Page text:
Celebrating World Press Freedom Day amid new wave of media crackdowns in Africa
A woman sits in front of a poster made up of the names of murdered journalists, during the World Press Freedom Conference on July 10, 2019 in London, England. (Photo by Leon Neal/Getty Images)
- Ethiopian journalists face the death penalty for criticizing the government.
- Mali is accused of having expelled journalists.
- In Zimbabwe, Angola and Somalia, “dissident journalists” are in the line of fire.
To mark World Press Freedom Day, Reporters Without Borders – known in French as Reporters Without Borders (RSF) – said that despite the liberalization of the press across Africa in the 1990s, a wave of repressive laws and threats against journalism currently exists.
In a press release analyzing the Press Freedom Index for 2022, the organization notes that “there are still, too often, cases of arbitrary censorship, particularly on the Internet, with occasional network shutdowns in certain countries, arrests of journalists and violent attacks”.
In this regard, some journalists have been detained, while others have been killed in the line of duty. No one has been brought to justice for attacks on journalists across the continent.
“These (attacks) generally go completely unpunished, as was the case with the 2016 disappearance of Malian journalist Birama Touré, who – as RSF has demonstrated – was kidnapped by a Malian intelligence agency and most likely killed while ‘He was being held incommunicado,’ said RSF.
Last week, Mali kicked out France 24 and its radio partner, RFI, over alleged false reporting on the Malian military.
This year’s Press Freedom Day – May 3 – comes at a time when journalists operating in Ethiopia are experiencing some of the harshest working conditions to ever appear in Africa.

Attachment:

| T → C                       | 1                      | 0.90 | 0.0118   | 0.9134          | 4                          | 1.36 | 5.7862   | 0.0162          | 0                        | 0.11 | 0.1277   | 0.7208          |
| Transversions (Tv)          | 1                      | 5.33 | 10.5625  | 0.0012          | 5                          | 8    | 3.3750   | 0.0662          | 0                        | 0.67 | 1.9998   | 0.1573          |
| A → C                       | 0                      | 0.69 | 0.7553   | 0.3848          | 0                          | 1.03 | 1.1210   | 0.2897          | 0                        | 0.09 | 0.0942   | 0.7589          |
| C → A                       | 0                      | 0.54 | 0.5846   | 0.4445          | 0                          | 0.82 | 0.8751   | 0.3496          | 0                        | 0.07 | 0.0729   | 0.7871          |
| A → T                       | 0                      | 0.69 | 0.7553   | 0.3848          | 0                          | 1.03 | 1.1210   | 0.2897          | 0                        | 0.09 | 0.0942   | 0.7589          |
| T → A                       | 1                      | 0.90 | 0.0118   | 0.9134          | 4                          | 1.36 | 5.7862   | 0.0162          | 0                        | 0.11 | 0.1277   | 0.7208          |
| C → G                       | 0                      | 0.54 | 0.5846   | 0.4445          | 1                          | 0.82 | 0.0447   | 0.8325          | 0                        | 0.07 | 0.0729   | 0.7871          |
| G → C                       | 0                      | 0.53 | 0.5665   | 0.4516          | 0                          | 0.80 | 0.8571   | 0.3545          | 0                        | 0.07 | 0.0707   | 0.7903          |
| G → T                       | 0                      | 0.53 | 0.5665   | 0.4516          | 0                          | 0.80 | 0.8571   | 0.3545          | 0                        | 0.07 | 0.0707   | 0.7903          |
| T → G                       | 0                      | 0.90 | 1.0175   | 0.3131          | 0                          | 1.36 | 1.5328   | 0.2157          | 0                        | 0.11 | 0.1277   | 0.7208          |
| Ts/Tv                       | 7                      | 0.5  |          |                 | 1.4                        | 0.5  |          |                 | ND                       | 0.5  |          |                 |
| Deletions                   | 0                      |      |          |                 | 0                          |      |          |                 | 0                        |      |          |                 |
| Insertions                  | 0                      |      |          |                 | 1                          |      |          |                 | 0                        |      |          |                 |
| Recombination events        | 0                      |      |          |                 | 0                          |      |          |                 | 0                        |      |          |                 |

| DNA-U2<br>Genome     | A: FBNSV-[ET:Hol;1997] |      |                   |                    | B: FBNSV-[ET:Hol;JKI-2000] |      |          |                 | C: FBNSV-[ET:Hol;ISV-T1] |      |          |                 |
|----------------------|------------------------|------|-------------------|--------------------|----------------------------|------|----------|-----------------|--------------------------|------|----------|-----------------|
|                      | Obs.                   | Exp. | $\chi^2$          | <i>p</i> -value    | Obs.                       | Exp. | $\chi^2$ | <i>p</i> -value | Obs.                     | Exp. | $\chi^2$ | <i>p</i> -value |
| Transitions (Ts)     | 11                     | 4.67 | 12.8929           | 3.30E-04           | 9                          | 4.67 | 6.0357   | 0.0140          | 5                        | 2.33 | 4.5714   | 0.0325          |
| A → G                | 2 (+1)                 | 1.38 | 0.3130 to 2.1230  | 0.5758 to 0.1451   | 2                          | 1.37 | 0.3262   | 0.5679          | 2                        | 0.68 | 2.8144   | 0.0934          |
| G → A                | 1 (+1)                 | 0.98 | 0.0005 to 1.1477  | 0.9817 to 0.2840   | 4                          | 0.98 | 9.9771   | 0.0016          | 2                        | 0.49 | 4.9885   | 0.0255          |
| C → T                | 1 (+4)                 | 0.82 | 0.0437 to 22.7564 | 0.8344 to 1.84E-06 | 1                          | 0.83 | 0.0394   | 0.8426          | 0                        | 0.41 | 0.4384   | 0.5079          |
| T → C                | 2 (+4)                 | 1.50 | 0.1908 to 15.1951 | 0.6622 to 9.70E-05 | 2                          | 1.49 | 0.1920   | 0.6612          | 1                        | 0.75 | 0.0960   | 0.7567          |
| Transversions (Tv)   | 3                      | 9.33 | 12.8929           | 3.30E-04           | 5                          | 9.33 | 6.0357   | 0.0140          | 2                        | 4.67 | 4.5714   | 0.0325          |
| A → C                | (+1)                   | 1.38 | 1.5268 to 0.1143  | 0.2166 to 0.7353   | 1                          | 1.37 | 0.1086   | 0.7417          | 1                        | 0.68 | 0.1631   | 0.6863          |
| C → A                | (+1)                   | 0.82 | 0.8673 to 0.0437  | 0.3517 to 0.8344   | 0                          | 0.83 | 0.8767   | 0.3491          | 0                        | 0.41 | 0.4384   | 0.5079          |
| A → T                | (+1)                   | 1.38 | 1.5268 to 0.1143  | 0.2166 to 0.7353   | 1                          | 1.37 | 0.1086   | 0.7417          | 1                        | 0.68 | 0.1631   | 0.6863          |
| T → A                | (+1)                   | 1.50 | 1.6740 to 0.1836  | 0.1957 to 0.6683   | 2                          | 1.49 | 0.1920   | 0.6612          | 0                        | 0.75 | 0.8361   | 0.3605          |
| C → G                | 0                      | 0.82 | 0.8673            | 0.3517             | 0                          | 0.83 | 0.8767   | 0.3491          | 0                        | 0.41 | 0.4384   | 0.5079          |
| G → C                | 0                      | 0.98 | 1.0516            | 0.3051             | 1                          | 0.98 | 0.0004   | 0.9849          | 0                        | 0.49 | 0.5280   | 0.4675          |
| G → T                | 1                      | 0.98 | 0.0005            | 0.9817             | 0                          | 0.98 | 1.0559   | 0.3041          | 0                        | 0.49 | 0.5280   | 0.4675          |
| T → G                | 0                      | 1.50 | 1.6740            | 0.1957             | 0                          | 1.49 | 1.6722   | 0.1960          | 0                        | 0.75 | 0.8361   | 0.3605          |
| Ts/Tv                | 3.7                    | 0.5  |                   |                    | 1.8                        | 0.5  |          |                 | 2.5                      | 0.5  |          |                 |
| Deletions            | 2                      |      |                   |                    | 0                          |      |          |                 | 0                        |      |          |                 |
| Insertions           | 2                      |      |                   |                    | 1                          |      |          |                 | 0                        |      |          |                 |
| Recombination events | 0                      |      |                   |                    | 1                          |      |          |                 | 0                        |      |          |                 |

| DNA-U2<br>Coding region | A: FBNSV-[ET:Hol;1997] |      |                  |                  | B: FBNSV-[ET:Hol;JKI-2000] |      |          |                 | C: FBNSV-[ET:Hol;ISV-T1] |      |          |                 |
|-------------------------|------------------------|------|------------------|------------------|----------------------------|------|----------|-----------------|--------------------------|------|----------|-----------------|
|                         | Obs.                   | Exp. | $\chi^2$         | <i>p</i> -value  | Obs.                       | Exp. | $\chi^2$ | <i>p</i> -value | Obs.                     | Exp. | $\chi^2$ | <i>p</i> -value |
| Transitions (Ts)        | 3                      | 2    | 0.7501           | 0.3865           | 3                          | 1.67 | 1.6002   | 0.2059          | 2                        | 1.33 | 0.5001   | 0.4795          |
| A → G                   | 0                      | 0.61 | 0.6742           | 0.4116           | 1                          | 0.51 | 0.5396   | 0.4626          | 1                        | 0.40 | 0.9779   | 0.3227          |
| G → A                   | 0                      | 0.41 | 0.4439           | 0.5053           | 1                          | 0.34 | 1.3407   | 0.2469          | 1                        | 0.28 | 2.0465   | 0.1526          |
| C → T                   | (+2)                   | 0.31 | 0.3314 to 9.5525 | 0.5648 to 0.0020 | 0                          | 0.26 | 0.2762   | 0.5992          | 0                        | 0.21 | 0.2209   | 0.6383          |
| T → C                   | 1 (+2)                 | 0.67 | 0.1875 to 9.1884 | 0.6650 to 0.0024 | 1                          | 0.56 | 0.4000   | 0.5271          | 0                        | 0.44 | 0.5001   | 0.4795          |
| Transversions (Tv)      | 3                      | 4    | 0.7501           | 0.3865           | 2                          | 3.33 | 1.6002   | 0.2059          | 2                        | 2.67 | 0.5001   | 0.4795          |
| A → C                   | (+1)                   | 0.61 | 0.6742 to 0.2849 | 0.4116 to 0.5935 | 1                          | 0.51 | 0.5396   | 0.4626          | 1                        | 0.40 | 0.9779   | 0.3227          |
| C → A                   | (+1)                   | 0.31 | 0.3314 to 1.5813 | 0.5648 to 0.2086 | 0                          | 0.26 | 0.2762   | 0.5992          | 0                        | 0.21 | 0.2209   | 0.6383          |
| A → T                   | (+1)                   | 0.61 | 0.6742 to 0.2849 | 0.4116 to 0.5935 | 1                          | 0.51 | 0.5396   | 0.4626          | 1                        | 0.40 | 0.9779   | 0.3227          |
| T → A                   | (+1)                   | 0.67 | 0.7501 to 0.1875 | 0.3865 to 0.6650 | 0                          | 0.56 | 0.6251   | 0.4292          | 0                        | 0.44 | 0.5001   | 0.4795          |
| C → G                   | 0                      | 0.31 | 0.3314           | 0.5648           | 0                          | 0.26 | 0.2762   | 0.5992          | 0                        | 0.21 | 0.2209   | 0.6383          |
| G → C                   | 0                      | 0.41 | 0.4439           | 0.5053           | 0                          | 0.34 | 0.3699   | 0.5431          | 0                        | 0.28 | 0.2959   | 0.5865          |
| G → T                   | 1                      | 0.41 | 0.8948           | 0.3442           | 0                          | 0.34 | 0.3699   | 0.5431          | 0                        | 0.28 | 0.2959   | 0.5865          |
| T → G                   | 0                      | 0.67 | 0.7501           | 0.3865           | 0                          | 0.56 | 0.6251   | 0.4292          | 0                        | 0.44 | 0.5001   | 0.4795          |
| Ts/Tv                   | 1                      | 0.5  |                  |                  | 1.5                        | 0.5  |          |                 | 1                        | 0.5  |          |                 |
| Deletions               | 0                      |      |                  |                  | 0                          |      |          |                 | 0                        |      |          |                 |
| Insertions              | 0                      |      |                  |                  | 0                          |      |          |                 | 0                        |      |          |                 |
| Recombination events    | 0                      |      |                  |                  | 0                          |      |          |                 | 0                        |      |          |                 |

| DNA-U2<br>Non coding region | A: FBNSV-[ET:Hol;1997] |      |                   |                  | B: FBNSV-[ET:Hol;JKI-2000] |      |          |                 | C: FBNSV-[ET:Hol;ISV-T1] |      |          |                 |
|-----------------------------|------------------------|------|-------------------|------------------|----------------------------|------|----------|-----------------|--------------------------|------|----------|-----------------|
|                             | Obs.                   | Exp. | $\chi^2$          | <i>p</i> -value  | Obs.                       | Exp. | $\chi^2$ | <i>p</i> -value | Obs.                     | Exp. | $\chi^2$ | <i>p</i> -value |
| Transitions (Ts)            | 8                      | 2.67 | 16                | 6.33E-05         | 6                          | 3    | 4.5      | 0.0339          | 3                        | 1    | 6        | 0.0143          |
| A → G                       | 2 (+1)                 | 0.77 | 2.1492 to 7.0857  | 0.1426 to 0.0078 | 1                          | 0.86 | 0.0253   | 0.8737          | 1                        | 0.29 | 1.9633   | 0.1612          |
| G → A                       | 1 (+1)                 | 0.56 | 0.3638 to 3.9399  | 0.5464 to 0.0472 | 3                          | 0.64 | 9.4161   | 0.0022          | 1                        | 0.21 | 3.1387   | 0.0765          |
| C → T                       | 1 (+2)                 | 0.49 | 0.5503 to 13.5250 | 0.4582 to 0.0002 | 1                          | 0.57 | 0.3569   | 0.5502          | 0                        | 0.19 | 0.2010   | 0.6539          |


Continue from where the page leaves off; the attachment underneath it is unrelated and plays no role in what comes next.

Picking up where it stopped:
Two Ethiopian journalists, Dessu Dulla and Bikila Amenu, were arrested on 7 April. They both work for social media-based broadcaster, Oromia News Network.
They face charges under Article 238 of the country’s penal code, which prohibits “contempt of the Constitution”. If found guilty, they face a three-year prison sentence or even life imprisonment; furthermore, the maximum charge for their alleged crime is the death penalty.
In the Sahel region, “insecurity and political instability have increased sharply, and there have recently been severe blows to journalism”.
Last year, two Spanish journalists were killed in Burkina Faso. A French reporter, Olivier Dubois, was kidnapped by an armed group in Mali, while several journalists were expelled from Benin, Mali and Burkina Faso.
RSF, in a statement, said that in addition to repressive laws, journalism now faces new challenges related to fake news and disinformation, adding to the age-old challenge of propaganda.
In recent years, a wave of draconian laws criminalizing online journalism have dealt a further blow to the right to information. At the same time, the spread of rumours, propaganda and disinformation has contributed to undermining journalism and access to quality information.
Although news organizations are businesses, they are not doing well enough to sustain their operations, which is an important facet of media freedom and independence.
“Often poorly supported by the government [through laws] and still largely dependent on the editorial diktats of their owners, African media are struggling to develop sustainable economic models,” adds RSF.
Despite poor business models, a glimmer of hope lies in the investigative journalism coalitions that have succeeded in speaking truth to power.
“The recent emergence of coalitions of investigative journalists has resulted in major revelations on issues of public interest,” the organization said.
In countries like Angola, Somalia and Zimbabwe, “repression of dissident journalists persists”.
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